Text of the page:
Fox Broadcasting Co. v. Dish Network
By Simon Heimowitz – Edited by Samantha Rothberg
Fox Broadcasting Co. v. Dish Network, No. 12-57048 (9th Cir. July 24, 2013)
Slip Opinion, hosted by eff.org
The United States Court of Appeals for the Ninth Circuit affirmed a district court decision to deny Fox Broadcasting Company’s (“Fox”) request for a preliminary injunction against Dish Network’s (“Dish”) “AutoHop,” a product associated with Dish’s “Hopper.” The Hopper allows subscribers to automatically record Fox’s primetime television shows and then view them with the commercials fast-forwarded, without manual user involvement.
The Ninth Circuit held that the district court did not abuse its discretion in deciding that Fox “did not demonstrate a likelihood of success on its copyright infringement and breach of contract claims regarding Dish’s implementation of [two television recording products].” Fox Broadcasting Co. v. Dish Network, No. 12-57048, slip op. at 10 (9th Cir. July 24, 2013). The court determined that Dish Network was not responsible for directly infringing Fox’s copyright because the consumer initiates the copying process, not Dish Network. Id. at 12. The court also ruled that Dish would not be held liable for secondary infringement because although Fox carried its burden of proving direct infringement by consumers, Dish successfully raised an “affirmative defense that its customers’ copying was a ‘fair use.’” Id. at 13 (citation omitted). The court affirmed that Fox was unlikely to succeed on its breach of contract claims against Dish, noting that the commercial-skipping function of the Hopper product “does not implicate Fox’s copyright interest because Fox owns the copyrights to the television programs, not to the ads aired in the commercial breaks.” Id. at 14–15. The Ninth Circuit considered a number of related precedents in determining that the Hopper’s noncommercial time-shifting function was non-infringing fair use. See id. at 13–15.
The New York Times and Reuters provide an overview of the case. Ars Technica features an analysis of the decision and provides detailed context regarding the rancorous history between Dish and major TV networks over the Hopper.
Dish Network offers two products: the “Hopper” digital video recorder (“DVR”) and PrimeTime Anytime. Id. at 6. These products allow subscribers to record primetime and other television programs for viewer playback. Id. In May 2012, Dish added the “AutoHop,” which gives PrimeTime Anytime subscribers the option of viewing recorded primetime shows with the commercials “automatically skip[ped] over.” Id. at 8. This new feature catalyzed Fox to bring suit against Dish Network in district court, claiming copyright infringement and breach of contract and seeking a preliminary injunction against Dish. The district court denied Fox’s preliminary injunction, holding that Fox did not meet its burden of “demonstrating a likelihood of success on most of its copyright infringement and contract claims.” Id. at 9. Although Fox did meet its burden concerning one aspect of the suit — that Dish Network breached its contract with Fox by making “quality assurance copies” — the court held that the degree of “irreparable harm” that Fox would suffer due to the copies was insufficient to warrant a preliminary injunction. Id.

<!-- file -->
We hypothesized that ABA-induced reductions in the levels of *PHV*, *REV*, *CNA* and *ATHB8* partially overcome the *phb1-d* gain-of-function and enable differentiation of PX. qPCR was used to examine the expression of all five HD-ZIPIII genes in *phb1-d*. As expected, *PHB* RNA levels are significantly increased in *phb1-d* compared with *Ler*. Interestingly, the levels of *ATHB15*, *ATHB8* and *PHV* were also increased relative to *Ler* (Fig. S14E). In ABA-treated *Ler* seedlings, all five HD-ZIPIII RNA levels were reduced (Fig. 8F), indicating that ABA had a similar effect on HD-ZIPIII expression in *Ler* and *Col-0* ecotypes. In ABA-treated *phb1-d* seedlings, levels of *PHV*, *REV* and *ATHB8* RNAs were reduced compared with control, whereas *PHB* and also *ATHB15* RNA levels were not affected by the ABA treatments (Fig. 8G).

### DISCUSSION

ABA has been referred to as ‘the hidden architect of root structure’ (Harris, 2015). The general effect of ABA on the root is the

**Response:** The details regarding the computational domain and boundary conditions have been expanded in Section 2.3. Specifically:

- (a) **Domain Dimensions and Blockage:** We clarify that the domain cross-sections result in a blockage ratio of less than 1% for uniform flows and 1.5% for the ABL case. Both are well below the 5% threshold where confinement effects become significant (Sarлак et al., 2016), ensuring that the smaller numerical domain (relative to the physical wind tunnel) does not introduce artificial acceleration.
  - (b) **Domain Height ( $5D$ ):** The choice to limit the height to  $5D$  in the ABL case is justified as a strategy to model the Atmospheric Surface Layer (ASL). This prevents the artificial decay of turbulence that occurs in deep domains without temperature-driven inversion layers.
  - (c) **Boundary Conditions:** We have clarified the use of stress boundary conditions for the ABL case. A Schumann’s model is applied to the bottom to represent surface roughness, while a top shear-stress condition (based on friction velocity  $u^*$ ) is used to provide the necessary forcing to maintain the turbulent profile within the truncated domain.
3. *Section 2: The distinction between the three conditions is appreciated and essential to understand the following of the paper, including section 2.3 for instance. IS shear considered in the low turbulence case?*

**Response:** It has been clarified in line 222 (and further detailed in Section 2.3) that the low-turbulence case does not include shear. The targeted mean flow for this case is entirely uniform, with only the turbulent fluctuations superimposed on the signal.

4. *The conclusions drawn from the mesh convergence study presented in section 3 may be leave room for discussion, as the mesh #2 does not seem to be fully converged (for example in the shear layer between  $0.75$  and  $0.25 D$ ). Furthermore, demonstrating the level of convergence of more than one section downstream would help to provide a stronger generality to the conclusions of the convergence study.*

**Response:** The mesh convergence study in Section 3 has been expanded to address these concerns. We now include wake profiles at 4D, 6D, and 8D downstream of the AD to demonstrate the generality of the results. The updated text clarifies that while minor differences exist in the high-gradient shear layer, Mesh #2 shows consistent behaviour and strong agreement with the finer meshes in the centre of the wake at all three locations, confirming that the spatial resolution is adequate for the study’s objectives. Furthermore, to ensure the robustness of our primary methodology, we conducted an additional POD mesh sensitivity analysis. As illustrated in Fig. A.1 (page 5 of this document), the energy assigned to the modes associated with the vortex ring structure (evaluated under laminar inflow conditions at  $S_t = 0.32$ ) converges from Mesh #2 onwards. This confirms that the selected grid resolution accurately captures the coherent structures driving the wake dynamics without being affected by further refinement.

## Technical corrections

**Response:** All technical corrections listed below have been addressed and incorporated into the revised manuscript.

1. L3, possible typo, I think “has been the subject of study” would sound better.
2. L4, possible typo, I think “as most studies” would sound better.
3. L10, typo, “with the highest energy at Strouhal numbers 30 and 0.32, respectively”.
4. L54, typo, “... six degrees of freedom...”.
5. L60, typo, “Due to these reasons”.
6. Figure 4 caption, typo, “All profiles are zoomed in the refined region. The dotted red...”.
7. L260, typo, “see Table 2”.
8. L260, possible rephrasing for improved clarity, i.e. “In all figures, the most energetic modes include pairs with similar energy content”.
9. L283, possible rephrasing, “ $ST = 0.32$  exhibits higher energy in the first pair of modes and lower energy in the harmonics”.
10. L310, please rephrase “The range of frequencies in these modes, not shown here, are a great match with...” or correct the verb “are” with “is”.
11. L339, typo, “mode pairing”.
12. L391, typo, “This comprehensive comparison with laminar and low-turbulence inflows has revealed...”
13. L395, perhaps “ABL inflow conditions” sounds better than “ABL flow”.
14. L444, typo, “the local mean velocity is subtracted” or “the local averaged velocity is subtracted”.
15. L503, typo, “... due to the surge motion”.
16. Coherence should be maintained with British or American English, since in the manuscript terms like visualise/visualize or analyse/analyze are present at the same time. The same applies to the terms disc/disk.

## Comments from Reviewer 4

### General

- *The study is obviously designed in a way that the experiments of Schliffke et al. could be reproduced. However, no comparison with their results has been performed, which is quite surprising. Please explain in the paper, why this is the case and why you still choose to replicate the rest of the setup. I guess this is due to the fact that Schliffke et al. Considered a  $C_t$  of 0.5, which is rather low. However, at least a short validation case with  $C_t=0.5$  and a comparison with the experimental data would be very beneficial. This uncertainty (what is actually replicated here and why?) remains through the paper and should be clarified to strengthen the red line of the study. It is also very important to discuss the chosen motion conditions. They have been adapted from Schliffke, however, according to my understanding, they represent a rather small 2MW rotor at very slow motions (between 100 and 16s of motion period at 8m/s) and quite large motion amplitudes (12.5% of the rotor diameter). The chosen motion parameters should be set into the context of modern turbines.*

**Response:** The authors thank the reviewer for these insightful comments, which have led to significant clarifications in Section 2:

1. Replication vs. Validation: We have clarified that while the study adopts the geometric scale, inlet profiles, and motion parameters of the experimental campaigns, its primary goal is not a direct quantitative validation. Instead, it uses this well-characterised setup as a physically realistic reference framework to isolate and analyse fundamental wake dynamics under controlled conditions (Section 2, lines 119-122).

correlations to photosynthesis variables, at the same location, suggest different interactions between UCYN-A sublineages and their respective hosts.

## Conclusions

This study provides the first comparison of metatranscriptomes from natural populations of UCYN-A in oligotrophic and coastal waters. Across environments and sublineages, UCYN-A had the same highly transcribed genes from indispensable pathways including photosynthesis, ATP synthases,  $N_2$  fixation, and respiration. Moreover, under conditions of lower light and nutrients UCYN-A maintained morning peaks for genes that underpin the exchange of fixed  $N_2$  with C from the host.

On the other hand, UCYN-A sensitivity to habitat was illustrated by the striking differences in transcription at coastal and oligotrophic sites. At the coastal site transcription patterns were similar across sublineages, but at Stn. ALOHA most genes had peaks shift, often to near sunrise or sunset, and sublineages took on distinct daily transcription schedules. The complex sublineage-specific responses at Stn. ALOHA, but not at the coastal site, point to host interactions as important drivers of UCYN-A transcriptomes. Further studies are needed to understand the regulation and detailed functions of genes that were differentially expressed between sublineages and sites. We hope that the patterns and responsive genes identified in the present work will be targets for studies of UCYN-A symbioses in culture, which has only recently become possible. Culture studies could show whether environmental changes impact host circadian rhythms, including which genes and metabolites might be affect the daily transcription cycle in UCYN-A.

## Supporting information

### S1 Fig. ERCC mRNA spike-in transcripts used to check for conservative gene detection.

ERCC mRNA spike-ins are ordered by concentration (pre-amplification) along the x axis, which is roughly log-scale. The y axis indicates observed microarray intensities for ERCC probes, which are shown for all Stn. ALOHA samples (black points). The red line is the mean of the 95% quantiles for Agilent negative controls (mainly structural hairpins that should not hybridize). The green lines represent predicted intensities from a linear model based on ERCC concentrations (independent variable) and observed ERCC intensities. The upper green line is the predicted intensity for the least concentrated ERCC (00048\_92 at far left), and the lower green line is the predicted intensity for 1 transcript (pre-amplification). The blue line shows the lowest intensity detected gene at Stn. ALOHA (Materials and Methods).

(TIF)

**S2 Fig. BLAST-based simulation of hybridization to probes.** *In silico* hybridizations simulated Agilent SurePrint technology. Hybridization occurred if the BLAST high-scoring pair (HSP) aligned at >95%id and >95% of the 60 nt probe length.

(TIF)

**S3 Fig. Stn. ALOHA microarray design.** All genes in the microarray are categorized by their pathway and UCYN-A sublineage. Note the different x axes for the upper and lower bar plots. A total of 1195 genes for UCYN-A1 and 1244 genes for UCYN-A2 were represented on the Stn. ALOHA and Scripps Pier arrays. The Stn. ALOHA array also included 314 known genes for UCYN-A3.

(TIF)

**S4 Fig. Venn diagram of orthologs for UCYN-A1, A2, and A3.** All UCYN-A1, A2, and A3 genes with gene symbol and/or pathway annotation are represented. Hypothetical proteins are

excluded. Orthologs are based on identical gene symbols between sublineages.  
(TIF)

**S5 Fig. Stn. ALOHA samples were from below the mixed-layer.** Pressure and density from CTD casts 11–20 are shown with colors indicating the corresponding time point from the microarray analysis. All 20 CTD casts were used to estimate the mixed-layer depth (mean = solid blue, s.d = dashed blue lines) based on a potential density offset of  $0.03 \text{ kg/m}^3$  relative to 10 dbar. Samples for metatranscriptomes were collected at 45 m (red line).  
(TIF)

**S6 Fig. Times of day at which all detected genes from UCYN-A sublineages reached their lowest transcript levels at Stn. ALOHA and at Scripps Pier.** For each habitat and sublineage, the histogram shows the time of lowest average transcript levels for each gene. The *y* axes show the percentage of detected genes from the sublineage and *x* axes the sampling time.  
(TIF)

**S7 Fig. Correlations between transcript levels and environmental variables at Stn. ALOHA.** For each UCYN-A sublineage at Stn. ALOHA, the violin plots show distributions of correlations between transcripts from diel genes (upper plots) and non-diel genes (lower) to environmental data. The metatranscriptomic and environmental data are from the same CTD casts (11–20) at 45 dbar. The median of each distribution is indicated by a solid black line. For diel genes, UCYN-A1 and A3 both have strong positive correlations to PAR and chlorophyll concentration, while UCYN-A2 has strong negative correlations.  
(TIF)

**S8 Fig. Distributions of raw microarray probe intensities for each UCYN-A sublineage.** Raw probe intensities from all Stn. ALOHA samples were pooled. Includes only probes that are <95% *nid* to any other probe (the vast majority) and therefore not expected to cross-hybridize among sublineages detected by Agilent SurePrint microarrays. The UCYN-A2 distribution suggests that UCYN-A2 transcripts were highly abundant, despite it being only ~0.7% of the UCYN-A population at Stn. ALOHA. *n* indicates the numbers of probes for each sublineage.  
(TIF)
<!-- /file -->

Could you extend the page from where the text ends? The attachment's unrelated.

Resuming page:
Fox appealed the lower court’s decision and the Ninth Circuit affirmed. Applying a deferential standard of review, the appellate court held that the lower court did not abuse its discretion in denying the injunction. The court reasoned that Fox’s copyright claim would likely fail because Dish could not be directly liable for infringement. Id. at 12. The customer, not Dish as the service operator, was found the “most significant and important cause” of the copying, since the “user, not Dish, must take the initial step of enabling Prime Time Anytime.” Id. (citations omitted) (internal quotation marks omitted). In determining that Dish was not secondarily liable for infringement, the court looked to guidance from Supreme Court precedent in finding that Dish’s customers’ copying was a “fair use.” Id. at 13. Copying for purposes of noncommercial time-shifting is protected fair use, and the ad-skipping feature that Dish provided could not be challenged because Fox’s only copyright interest was in the television programs; Fox owned no interest in the commercials. Id. at 15.
For the breach of contract claim, the court reasoned that AutoHop did not breach the provision in the contract that stated that Dish must “disable fast forward functionality during all advertisements . . . .” Id. at 20. That provision covered only video on demand content, and PrimeTime Anytime more closely resembled DVR than video on demand. Id. at 20–22.
The Ninth Circuit’s decision is significant because it may create opportunities for pay-tv service providers to maneuver more freely in the time-shifting and ad-skipping domain. Reuters reports that Stanton Dodge, Dish’s general counsel, called the decision “a victory for consumers in an ‘important fight over the fundamental rights of consumer choice and control.’”